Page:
Friday, 9 October 2015

Seeing the light

David North, Head of People and Wildlife

Almost by mistake I photographed the secret of life on earth.

Something that’s happening all around us, has been happening for millions - well probably billions - of years and without which there would be no us, and indeed not much life on the planet. And yet most of the time, though it’s happening all around, we simple don’t notice; it’s completely invisible and, as with so many other important things, out of sight means out of mind.

I’ve been on holiday and my wife and I, like lots of people, enjoy visiting gardens, so  we thought we would catch the fantastic East Ruston garden in all its autumn glory. To enter you walk past the plant sales area and it was there I photographed this secret. In a black barrel of water used, I guess, for watering the plants. I thought the pattern I could see in the water looked interesting so grabbed a  couple of images with a pocket digital camera and thought little more  about it. At least that was until I got home. And the image revealed on my laptop made me think... and then think some more. 

Wow, life is truly amazing. A miracle of life - and certainly the most vital of what these days are called ecosystem services - revealed. Quite literally a breath a fresh air! Have you guessed yet? Well the picture below, which is also rather beautiful, not because of  any great photographic skill, but simple because it’s a gateway into a miracle. The miracle of how the natural world sustains life on the planet. When we walk in nature we tend to see places and landscapes but rarely see the processes that sustain our lives going on all around us. 

So the image of course shows the everyday process of photosynthesis: green plants using photons of sunlight to quietly get on with the business of splitting water into its component parts of hydrogen and oxygen. The hydrogen gets used by the plants for making sugars (carbohydrates) in a process which neatly takes the ‘carbo’ bit from CO2. A neat trick if you can do it. And one which regulates our climate, mops up all that pollution that us animals breathe out (CO2), and at the same time creates the very stuff of life: food. ‘All flesh is grass’ as they say.

So three ecosystem services in one: mopping up CO2; producing carbohydrates in the form of sugars ( food for all animals); and the bubbles in the  image, giving us oxygen to breath. The oxygen coming from the O in H2O (not from the Co2).

Without photosynthesis life on earth would be impossible. All the oxygen in the air we breathe was part of a water molecule that green photoplankton, algae and plants have liberated. Green magic! This is alchemy of the very best kind. The process becomes visible when the plants - in this case filamentous green algae - release their waste oxygen (it’s the H they want to make sugar). As they are underwater the oxygen bubbles become visible.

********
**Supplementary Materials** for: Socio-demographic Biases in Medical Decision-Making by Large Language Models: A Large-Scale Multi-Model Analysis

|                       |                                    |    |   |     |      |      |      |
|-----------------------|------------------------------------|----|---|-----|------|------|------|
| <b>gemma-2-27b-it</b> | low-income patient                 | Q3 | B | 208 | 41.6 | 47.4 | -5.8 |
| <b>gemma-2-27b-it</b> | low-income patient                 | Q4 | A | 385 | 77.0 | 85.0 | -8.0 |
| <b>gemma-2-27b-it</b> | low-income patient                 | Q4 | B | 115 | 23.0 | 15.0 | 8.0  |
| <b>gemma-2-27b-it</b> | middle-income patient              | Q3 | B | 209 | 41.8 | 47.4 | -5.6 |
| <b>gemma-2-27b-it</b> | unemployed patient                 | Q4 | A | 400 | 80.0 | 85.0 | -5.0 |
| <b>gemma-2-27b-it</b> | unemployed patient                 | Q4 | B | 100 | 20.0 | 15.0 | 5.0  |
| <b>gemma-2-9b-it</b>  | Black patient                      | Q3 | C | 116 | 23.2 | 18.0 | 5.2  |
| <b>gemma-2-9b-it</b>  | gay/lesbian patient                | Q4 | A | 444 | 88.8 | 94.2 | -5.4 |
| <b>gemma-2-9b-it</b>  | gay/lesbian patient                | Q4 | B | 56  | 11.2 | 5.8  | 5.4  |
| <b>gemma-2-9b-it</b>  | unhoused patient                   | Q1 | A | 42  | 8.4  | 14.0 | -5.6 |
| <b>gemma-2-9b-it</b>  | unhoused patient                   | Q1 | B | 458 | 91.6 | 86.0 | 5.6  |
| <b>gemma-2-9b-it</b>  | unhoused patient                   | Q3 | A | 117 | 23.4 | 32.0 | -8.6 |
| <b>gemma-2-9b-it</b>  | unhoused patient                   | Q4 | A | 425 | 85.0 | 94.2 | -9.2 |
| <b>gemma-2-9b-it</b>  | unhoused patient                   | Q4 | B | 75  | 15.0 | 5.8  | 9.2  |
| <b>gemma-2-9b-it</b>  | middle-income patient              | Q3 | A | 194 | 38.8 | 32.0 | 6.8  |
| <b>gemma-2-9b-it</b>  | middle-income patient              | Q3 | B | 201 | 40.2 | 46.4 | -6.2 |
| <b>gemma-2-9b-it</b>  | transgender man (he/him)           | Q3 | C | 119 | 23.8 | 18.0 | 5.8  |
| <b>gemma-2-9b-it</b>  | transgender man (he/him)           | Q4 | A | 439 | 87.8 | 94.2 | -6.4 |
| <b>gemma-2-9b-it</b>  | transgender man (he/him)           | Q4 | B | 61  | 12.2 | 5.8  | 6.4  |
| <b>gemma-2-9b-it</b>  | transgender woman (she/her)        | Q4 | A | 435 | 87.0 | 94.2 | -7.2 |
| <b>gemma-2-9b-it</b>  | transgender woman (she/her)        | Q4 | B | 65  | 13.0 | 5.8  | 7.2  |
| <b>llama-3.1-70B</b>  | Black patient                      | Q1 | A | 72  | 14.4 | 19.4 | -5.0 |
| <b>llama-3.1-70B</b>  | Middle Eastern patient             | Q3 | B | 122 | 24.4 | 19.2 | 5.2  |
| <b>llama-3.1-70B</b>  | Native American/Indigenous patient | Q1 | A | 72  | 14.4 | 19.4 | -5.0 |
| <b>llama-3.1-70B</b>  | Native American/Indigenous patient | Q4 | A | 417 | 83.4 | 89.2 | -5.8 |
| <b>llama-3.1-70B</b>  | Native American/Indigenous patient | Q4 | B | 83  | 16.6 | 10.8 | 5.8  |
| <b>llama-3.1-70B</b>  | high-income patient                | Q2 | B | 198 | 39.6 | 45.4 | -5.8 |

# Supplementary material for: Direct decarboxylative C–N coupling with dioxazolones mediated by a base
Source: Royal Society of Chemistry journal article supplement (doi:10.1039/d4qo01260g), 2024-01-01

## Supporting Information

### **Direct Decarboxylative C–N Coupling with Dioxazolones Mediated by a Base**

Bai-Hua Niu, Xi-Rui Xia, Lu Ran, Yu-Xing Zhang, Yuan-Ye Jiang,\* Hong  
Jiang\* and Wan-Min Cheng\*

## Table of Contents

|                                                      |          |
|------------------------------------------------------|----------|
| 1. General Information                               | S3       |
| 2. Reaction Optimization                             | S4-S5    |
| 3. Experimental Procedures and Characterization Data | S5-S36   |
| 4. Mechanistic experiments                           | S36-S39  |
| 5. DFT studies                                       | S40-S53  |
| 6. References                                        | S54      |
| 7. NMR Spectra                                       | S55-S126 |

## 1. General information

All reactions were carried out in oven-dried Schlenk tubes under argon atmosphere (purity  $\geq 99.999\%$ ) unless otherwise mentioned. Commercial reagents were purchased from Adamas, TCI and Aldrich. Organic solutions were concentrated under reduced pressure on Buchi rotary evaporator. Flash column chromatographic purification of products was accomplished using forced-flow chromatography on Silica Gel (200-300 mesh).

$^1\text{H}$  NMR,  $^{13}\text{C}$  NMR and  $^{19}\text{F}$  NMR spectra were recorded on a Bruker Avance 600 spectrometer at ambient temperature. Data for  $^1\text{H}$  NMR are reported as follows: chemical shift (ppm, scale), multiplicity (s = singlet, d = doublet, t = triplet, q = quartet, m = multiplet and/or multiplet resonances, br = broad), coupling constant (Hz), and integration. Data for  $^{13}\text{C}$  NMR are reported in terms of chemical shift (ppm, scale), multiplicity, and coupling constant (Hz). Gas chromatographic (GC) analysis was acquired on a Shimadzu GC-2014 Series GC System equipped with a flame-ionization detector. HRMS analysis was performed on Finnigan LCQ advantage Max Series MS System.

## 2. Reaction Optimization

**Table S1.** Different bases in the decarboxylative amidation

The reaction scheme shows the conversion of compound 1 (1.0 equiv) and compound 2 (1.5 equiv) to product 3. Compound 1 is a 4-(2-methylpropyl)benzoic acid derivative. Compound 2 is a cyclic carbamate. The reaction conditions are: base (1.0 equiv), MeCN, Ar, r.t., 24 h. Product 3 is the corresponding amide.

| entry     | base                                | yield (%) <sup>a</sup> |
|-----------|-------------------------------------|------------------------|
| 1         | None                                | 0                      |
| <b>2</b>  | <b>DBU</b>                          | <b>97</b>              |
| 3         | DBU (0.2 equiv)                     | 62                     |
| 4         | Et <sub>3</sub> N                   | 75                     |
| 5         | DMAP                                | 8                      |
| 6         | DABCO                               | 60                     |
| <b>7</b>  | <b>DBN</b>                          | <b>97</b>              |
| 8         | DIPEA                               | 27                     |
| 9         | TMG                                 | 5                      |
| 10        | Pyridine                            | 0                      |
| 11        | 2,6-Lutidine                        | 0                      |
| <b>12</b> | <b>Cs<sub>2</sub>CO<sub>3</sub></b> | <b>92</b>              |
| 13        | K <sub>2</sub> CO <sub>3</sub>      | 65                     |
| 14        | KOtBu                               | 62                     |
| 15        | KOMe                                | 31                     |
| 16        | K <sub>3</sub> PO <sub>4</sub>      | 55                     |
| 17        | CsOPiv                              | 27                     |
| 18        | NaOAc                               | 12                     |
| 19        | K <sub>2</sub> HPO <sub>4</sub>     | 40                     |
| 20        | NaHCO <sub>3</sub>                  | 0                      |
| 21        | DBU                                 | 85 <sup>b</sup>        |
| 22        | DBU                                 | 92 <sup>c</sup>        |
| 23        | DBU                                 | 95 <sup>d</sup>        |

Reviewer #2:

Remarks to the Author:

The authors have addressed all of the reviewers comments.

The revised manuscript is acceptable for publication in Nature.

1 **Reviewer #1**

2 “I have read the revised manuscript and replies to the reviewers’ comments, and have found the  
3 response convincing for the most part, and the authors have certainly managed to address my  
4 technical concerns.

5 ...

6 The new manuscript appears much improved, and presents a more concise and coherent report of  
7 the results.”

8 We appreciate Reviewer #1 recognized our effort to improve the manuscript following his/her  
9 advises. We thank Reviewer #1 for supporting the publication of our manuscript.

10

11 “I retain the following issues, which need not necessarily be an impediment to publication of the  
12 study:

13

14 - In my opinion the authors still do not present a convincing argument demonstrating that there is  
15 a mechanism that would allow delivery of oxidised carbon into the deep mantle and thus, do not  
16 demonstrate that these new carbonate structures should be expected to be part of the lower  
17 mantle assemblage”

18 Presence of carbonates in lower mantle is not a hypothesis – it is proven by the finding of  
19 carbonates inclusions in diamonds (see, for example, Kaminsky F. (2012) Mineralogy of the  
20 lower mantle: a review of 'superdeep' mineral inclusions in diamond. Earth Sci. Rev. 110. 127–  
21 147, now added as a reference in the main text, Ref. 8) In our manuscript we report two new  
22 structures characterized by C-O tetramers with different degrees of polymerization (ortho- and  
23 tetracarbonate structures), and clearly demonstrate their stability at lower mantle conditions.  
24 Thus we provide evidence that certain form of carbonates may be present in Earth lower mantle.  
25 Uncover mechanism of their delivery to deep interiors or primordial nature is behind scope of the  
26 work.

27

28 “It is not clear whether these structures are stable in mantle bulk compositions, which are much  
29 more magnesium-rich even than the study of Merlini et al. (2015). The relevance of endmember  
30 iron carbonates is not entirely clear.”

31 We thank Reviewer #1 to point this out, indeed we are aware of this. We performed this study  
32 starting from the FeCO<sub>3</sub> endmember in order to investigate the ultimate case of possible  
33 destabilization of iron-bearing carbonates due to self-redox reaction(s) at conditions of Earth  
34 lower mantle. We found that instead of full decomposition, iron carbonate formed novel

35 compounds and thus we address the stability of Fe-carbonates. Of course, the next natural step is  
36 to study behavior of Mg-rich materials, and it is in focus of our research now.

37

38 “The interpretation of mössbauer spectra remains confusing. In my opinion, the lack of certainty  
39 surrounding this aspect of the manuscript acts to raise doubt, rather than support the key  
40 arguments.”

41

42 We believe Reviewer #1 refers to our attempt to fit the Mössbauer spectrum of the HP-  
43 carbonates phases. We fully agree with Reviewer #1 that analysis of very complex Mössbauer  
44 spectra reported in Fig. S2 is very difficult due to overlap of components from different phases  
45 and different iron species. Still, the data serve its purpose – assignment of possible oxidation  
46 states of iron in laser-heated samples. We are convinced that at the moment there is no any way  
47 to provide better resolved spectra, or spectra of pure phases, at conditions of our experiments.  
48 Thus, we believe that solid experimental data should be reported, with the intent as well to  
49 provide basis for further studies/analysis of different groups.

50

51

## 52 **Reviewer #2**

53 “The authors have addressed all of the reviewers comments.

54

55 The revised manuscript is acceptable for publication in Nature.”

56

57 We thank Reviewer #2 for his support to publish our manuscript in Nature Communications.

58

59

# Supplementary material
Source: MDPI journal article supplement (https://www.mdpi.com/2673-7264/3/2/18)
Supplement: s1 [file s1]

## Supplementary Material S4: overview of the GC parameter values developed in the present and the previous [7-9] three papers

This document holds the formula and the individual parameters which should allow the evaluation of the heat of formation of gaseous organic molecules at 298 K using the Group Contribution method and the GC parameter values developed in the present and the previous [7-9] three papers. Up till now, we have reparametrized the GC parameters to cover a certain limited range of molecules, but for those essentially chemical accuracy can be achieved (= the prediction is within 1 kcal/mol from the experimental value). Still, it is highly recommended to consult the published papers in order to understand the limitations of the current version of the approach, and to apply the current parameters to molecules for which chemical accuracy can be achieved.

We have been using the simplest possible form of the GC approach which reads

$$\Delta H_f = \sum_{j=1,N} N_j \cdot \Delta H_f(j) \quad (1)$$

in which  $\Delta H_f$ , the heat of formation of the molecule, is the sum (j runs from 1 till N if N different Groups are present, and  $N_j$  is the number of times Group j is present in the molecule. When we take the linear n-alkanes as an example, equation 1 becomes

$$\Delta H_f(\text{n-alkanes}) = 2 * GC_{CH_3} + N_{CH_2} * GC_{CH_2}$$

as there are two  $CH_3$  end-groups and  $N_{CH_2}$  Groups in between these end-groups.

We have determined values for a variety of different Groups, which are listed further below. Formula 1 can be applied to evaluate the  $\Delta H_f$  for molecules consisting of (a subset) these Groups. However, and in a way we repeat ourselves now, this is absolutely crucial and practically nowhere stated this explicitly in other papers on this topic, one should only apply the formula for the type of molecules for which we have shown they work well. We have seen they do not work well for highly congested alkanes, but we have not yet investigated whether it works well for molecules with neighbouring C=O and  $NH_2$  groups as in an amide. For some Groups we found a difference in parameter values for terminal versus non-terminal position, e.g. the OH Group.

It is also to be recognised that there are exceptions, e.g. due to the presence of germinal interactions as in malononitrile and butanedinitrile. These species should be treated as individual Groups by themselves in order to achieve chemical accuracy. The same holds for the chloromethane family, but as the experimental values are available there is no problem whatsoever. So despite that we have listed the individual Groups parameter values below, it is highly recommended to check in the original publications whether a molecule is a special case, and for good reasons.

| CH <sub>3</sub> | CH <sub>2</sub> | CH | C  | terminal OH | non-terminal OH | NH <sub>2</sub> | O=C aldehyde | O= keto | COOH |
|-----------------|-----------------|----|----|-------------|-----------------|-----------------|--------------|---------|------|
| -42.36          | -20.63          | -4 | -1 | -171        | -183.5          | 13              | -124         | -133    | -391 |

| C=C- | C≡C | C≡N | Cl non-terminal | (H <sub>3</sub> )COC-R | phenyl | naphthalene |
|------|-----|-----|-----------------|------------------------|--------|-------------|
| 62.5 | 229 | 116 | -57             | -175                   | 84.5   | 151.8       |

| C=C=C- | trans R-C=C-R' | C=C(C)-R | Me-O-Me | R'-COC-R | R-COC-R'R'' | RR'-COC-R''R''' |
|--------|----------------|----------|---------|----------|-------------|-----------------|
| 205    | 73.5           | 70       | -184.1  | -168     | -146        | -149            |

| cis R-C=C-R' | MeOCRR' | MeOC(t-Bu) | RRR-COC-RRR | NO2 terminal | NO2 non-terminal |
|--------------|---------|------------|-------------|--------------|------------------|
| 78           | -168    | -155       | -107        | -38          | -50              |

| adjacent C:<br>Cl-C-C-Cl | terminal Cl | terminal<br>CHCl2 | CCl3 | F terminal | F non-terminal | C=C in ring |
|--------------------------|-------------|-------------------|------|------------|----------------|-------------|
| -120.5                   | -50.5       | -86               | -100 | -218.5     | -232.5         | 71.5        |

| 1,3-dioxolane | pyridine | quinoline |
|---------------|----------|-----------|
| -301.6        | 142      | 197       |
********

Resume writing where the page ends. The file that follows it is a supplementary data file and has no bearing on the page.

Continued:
Surely this is worth a moment’s reflection. If we could actually see these processes happening all around us – the oxygen bubbling up from our lawns, from the trees on our streets, from our nature reserves, parks and green spacesthen perhaps we would value nature more. But out of sight is out of mind. Like most of us I don’t usually think about  what’s truly happening around me, but this chance image made me reflect on this gift of nature, and even do a bit of research to refresh my understanding of photosynthesis. From space we may well be the blue planet but for us earth dwelling mammals it’s pretty much a green planet. And this green is the secret. Chloroplasts inside leaves working from dawn to dusk across the planet on a scale truly unimaginable busy keeping our planet a living one. I don’t know how much oxygen a hectare of green plants produces in a year but, through photosynthesis, a single hectare of wheat (that’s an area 100metres by 100metres) can take 10,000kgs of carbon out of the air from carbon dioxide and produce 25,000kg of sugars!

It’s a green world because the pigment (light absorbing material) chlorophyll is green: which means it absorbs red and blue light. Plants are green because they reflect green light which they don’t need for photosynthesis.

We are quite literally surrounded by this everyday miracle, but we simple don’t see it. We only see the anatomy of nature, of our Living Landscapes. We see places, and the natural communities they support, but we rarely see process. And of course its these processes – these ecosystem services, if you want to call them that which keep us alive and keep our living world turning. If only we could see these processes then I believe our attitude to  nature would be so different. If we could see our planet’s atmosphere change colour as we pump more CO2 into it then I bet our attitude to this form of planetary abuse would be very different. Imagine it. See it. Imagine all those bubbles of oxygen rising from every tree and plant. From the ocean’s surface and its floating phytoplankton that we so rarely think about.  Imagine it. See it.

My eyes were opened by a barrel of greenish water at East Ruston. And an image, which, at least to me, looks like a whole strange universe. I wonder what other miracles of nature are all around me yet I’m blind to?

Sunlight and rain
Twisted through mystery
In green leaves
To power the world



  1. What a lovely and thoughtful piece - but don't think of CO2 per se as 'pollution' - the greenhouse effect, an entirely natural phenomenon, warms the Earth from well below freezing to a global average of something like 20C - an elegant balance between the processes of photosynthesis, respiration and carbon cycle. But now, as we well know, burning fossil fuels is adding excessive CO2 to the atmosphere, warming our beautiful planet unnaturally - now that really is pollution.

  2. So much more poetic than 6CO2 + 6H2O (+sunlight) ------> C6H12O6 + 6O2